When Duncan Hutchison set off to row the Atlantic, things went wrong and he ended up being rescued more than 1,000 miles from his destination by a passing oil tanker.
But this week there was some good news, as, left to its own devices, his 23-foot boat completed the journey on its own.
The boat, called Sleipnir, was feared lost at sea after the tanker’s tow rope broke.
But on Thursday Duncan, 53, received news that the boat had washed ashore at Sømna near Brønnoysund in Norway.
Remarkably, he had predicted that if the boat did wash up anywhere, it would be in Norway.
Yesterday his wife Marianne said: “It is amazing. Duncan was sitting at his computer when a picture of it popped up on his screen. He couldn’t believe his eyes. It is incredible. It is pretty battered but he wants to get it back and is working on that.”
Duncan’s adventure began back in May when he set off from New Jersey, USA, to row 3,500 miles to his home in Lochinver.
Over the next 100 days he survived mountainous seas, brutal storms and even a shark attacking his home-made boat.
But he had to abandon the attempt and put out a distress call after the electrics failed.
He was picked up by the 590-ft long Asphalt Splendor on September 22. An initial attempt to tow the Sleipnir failed when the rope snapped.
Duncan had said he will make another attempt – if his beloved boat was found and he can raise the £10,000 to mount the bid.
He previously gave an emotional account of how he came perilously close to disaster with the tanker that came to save him. He was just feet from the vessel’s giant propeller and in danger of being swept under the 37,087-tonne boat.
He was also “flung over the side underwater” hanging on to a safety wire, fearing he would be swept away to his death.
But he also lost Sleipnir.
“I feel part of me is lost with her,” said Duncan then.
“I think, given the conditions, she will probably be taken west of the Outer Hebrides and end up in Norway.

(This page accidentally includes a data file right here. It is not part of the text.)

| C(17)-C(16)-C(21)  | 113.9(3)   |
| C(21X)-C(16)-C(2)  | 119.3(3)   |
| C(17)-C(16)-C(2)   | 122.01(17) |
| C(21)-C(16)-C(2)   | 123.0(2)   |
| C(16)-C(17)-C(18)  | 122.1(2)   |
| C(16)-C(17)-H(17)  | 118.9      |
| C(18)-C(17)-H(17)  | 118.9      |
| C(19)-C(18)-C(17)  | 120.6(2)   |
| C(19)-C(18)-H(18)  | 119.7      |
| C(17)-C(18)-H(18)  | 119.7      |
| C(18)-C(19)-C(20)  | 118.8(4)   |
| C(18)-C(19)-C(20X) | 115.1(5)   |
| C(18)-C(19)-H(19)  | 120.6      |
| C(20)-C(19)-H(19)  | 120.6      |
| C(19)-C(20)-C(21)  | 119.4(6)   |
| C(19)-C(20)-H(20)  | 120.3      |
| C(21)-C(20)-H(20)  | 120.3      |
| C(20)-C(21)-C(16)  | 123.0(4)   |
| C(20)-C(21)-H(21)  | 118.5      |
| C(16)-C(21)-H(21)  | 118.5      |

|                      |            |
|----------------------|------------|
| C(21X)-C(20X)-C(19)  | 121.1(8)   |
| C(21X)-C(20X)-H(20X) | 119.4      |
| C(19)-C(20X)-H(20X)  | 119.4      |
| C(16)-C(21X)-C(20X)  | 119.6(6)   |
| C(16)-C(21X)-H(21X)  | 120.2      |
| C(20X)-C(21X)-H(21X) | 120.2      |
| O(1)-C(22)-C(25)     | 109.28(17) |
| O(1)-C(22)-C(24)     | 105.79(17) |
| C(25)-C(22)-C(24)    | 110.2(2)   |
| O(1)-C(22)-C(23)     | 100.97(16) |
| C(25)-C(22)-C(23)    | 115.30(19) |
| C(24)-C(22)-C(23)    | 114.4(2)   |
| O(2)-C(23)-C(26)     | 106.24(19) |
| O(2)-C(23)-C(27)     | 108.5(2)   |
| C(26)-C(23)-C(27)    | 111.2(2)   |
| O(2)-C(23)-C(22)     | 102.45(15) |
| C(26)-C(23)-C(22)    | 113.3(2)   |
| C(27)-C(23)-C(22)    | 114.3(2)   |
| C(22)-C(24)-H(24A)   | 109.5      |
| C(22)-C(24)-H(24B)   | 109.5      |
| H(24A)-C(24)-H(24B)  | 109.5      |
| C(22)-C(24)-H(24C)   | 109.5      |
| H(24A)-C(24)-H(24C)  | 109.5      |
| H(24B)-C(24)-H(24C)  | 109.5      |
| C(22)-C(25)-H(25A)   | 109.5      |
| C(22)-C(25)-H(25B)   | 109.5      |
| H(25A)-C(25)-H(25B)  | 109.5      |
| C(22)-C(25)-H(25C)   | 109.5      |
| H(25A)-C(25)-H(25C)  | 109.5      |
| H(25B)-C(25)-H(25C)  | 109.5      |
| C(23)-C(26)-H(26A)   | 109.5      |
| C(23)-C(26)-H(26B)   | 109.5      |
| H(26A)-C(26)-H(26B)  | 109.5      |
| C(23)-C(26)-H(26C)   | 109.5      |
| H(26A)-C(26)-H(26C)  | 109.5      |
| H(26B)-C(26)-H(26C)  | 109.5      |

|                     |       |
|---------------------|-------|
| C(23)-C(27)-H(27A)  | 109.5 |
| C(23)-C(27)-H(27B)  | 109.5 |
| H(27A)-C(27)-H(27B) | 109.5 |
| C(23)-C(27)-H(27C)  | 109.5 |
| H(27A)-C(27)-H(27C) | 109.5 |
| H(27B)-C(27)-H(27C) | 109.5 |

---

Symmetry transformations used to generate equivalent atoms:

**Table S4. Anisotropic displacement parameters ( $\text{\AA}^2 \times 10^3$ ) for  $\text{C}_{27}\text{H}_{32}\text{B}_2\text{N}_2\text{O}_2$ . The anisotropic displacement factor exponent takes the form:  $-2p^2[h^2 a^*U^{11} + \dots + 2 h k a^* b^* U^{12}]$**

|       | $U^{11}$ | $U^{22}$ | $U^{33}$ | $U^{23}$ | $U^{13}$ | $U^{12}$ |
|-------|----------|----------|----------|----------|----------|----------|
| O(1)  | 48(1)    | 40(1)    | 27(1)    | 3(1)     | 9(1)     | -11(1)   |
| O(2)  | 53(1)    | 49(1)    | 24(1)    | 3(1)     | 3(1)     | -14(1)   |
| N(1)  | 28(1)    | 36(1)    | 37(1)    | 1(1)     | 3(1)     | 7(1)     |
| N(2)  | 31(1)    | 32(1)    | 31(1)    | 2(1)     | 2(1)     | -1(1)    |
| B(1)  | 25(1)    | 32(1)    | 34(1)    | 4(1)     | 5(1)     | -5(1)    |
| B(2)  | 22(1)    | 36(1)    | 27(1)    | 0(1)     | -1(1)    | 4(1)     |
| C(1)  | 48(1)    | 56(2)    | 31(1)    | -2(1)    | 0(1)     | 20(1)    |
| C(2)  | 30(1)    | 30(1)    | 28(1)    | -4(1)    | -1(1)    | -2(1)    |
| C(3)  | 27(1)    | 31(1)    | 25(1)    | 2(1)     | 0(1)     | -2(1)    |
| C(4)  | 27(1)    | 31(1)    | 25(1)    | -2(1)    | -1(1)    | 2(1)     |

“If she is found – and somebody is prepared to fund it – I would try again.
“Sleipnir proved she was up to the task. I felt fine, physically and mentally. It was just the electrics.”
Not everything went to plan when he began his Atlantic journey.
Duncan was taken off his craft on June 4 in a fierce storm 20 miles off New Jersey – and just four days after setting off from New York.
After a frantic search and appeal to ships and aircraft, Sleipner – named after an eight legged horse from Norse mythology that could glide across the sea – was located at Ocean City, 133 miles further south from where it was set adrift.
Duncan set off again on his long voyage from Whale Creek Marina, New Jersey, on June 15.
However, for every two miles Duncan rowed towards Lochinver, he had to row nearly three to get back on course.
In fact by the time he was rescued he had rowed 3,416 miles – 150 miles more than his direct route to his destination.
“In one sense I do feel I have rowed across,” he said.
Duncan – who celebrated his 53rd birthday during his epic row – has so far raised more than £33,000 for the charity Wateraid from his row.
Only 13 people have successfully rowed solo from west to east across the North Atlantic. Duncan still hopes to be the 14th.